x++;
            sLabel = Convert.ToString(x) + " %%$";

            if (txtCompany3.Text != "" && txtCompany3.Text != null)
            {
                s1 = txtCompany3.Text;
                sLabel = sLabel + s1 + "%%$";
            }

            s1 = "Attn " + cboTitle3.Text;

            if (txtName3.Text != "" && txtName3.Text != null)
                s1 = s1 + " " + txtName3.Text;

            if (txtSurname3.Text != "" && txtSurname3.Text != null)
                s1 = s1 + " " + txtSurname3.Text;

            s1 = s1 + "%%$";

            if (txt1Add3.Text != "" && txt1Add3.Text != null)
            {
                s1 = txt1Add3.Text + "%%$";
                sLabel = sLabel + s1;
            }

            if (txt2Add3.Text != "" && txt2Add3.Text != null)
            {
                s1 = txt2Add3.Text + "%%$";
                sLabel = sLabel + s1;
            }

            if (txtCity3.Text != "" && txtCity3.Text != null)
            {
                s1 = txtCity3.Text + "%%$";
                sLabel = sLabel + s1;
            }

            if (txtCode3.Text != "" && txtCode3.Text != null)
            {
                s1 = txtCode3.Text + "%%$";
                sLabel = sLabel + s1;
            }

            if (sLabel != "")
            {
                al.Add(sLabel);
                sLabel = "";
                s1 = "";
            }

I am trying to accomplish the Same thing. See thread (Pass ObjectWith Index ForNext)

I am trying to update 64 bit displays in a For Next Loop.
I can pass One Object successfully but can't iterate through a collection in order.
Shouldn't GetNextControl do this?
It Retrieves the next control forward or back in the tab order of child controls.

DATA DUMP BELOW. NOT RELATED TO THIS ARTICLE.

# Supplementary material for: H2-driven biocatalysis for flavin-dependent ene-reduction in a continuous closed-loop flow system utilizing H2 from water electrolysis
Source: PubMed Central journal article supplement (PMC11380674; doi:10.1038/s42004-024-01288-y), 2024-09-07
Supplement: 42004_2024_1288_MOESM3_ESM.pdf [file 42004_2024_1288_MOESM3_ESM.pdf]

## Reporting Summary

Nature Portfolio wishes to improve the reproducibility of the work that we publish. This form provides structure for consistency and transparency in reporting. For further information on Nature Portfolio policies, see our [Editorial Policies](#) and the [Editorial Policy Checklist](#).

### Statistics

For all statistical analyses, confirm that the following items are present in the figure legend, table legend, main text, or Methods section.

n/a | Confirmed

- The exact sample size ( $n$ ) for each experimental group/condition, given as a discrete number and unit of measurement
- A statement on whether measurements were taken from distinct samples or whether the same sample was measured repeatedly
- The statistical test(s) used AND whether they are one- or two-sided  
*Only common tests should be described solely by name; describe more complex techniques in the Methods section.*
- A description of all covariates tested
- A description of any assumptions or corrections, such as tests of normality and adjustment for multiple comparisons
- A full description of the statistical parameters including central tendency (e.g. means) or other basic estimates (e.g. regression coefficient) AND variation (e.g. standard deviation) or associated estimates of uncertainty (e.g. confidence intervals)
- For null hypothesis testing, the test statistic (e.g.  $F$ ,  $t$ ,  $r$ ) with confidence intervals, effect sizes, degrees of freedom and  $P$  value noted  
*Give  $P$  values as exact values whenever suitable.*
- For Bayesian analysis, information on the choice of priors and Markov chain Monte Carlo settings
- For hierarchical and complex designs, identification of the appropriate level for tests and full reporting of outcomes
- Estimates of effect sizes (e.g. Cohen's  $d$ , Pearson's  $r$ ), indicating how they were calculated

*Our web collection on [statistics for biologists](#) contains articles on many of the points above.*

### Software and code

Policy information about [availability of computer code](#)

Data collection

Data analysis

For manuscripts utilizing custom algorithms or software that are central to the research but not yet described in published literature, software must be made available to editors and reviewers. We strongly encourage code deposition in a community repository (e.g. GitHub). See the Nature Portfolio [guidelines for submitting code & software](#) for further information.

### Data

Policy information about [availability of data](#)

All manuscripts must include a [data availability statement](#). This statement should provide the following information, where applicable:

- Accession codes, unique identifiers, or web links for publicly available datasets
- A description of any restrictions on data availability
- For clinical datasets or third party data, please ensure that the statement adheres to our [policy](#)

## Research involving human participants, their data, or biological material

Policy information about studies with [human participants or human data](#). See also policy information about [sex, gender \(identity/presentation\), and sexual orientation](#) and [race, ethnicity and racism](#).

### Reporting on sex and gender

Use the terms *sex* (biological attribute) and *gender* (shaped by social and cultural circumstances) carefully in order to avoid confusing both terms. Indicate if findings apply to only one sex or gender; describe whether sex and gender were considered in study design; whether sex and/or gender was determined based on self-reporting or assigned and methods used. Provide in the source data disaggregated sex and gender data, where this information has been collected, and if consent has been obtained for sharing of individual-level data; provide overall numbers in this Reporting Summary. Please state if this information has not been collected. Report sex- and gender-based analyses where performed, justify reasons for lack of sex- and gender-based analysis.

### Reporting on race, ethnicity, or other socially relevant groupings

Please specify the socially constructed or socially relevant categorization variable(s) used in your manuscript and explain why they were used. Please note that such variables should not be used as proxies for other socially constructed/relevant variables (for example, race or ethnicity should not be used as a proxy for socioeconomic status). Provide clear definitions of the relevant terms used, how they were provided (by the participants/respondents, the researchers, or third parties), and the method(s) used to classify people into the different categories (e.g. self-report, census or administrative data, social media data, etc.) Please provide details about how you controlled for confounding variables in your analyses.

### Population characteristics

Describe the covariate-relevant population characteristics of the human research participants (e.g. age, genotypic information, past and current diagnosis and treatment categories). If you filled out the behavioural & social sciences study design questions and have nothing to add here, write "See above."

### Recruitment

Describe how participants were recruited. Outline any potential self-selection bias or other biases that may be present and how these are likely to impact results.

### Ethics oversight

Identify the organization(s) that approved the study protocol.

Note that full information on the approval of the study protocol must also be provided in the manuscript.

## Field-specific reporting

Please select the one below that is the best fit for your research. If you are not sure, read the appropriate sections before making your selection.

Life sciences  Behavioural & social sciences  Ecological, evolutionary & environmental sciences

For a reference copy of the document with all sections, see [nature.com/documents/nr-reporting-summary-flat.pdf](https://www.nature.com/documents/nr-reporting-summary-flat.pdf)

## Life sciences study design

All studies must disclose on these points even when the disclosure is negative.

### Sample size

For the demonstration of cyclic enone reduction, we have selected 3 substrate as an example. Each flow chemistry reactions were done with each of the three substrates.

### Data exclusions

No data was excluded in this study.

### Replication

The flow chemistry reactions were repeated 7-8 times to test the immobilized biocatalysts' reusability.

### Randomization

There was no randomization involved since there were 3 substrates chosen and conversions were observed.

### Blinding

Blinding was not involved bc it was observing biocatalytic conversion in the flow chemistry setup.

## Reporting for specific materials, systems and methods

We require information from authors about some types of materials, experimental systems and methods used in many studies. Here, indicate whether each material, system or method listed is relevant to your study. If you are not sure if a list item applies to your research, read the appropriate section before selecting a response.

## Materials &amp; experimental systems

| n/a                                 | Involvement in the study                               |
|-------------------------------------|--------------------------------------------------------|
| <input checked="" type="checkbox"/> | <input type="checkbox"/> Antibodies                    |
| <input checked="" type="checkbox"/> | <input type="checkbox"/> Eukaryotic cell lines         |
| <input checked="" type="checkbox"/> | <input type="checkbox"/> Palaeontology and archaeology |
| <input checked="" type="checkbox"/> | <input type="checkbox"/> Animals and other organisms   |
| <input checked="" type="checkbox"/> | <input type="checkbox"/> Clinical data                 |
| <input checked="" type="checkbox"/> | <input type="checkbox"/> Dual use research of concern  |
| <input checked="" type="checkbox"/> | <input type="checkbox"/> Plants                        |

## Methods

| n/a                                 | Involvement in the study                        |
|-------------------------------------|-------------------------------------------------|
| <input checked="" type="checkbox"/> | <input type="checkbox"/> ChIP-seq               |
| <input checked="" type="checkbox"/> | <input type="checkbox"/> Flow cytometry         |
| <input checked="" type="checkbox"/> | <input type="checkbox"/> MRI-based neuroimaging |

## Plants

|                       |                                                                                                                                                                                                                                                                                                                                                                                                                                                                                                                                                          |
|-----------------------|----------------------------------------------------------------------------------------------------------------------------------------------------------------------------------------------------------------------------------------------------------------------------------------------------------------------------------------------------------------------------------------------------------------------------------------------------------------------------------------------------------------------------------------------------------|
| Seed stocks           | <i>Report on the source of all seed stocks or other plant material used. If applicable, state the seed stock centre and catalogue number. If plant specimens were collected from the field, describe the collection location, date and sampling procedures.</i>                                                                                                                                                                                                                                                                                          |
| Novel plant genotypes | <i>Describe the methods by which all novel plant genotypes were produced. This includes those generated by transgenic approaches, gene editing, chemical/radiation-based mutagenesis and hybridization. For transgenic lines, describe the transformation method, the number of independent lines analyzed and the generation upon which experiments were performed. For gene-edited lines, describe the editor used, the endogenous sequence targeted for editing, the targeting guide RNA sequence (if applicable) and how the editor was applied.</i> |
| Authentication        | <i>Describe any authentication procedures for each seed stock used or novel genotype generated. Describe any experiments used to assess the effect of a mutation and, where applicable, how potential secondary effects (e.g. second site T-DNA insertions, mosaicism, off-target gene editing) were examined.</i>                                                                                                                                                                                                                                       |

I can't get this to work either. Is there a Better method to do this?

fn70DiscreteIO statusIO = new fn70DiscreteIO();
for (int i = 0; i <= 64; i++)
{
UpdateIO(statusIO.DiscreteValue, i, 
GroupBox.GetNextControl(System.Windows.Forms.ProgressBar ctrl, bool forward)); 
}

private void UpdateIO(int data, int bit, System.Windows.Forms.ProgressBar textControl)
{
if ((data & (1 << bit)) != 0)
{
textControl.Value = 1;
}
else
{
textControl.Value = 0;
}
}

I'm new to C#, but it seems to me that surely you'd be able to pass those objects as reference parameters so that changes in your method can reflect on the original object where it is needed. I remember coming across a ref keyword?

Regardless, I think you're code is a bit flawed. Consider:

if (txtCompany1.Text != "" && txtCompany1.Text != null) ...

If indeed txtCompany1.Text was equal to null then perhaps the comparision txtCompany1.Text != "" will produce an Exception; but then this isn't really Java hey - in Java we use a method of the String object to test equailty and thus the object must first exist. I think the usual way to do this is to do the 'null' test first then so that if it is indeed false the rest of the and expression is ignored. On that note, I think that the Text property of a textbox is never null :?: Does anyone know if that is ineed the case? Was just wondering :icon_smile: Oh and yeah maybe ref could help with your problem?

The ref method parameter keyword on a method parameter causes a method to refer to the same variable that was passed into the method. Any changes made to the parameter in the method will be reflected in that variable when control passes back to the calling method.

This was taken from the msdn site. Hmmm but after looking at your code again perhaps you don't need to use ref :icon_cheesygrin: I still don't see why parameter passing won't work though :?:

This might help you. Also the GetReference should work I just don't know the exact usage.

void FunctionSupplyingControl(){
Control ctrl;
FunctionConsumingControl(ctrl);
for (int i = 1; i < 64; i++){
ctrl = GetNextControl(ctrl, forward);
FunctionConsumingControl(ctrl);}}
void FunctionConsumingControl(Control ctrl){}
for (int i = 0; i <= 7; i++) 
{
String strControl = "IX" + i;
Object Ctrl = GetReference(strControl);
Ctrl.Value = MyValue;
}
This article has been dead for over six months. Start a new discussion instead.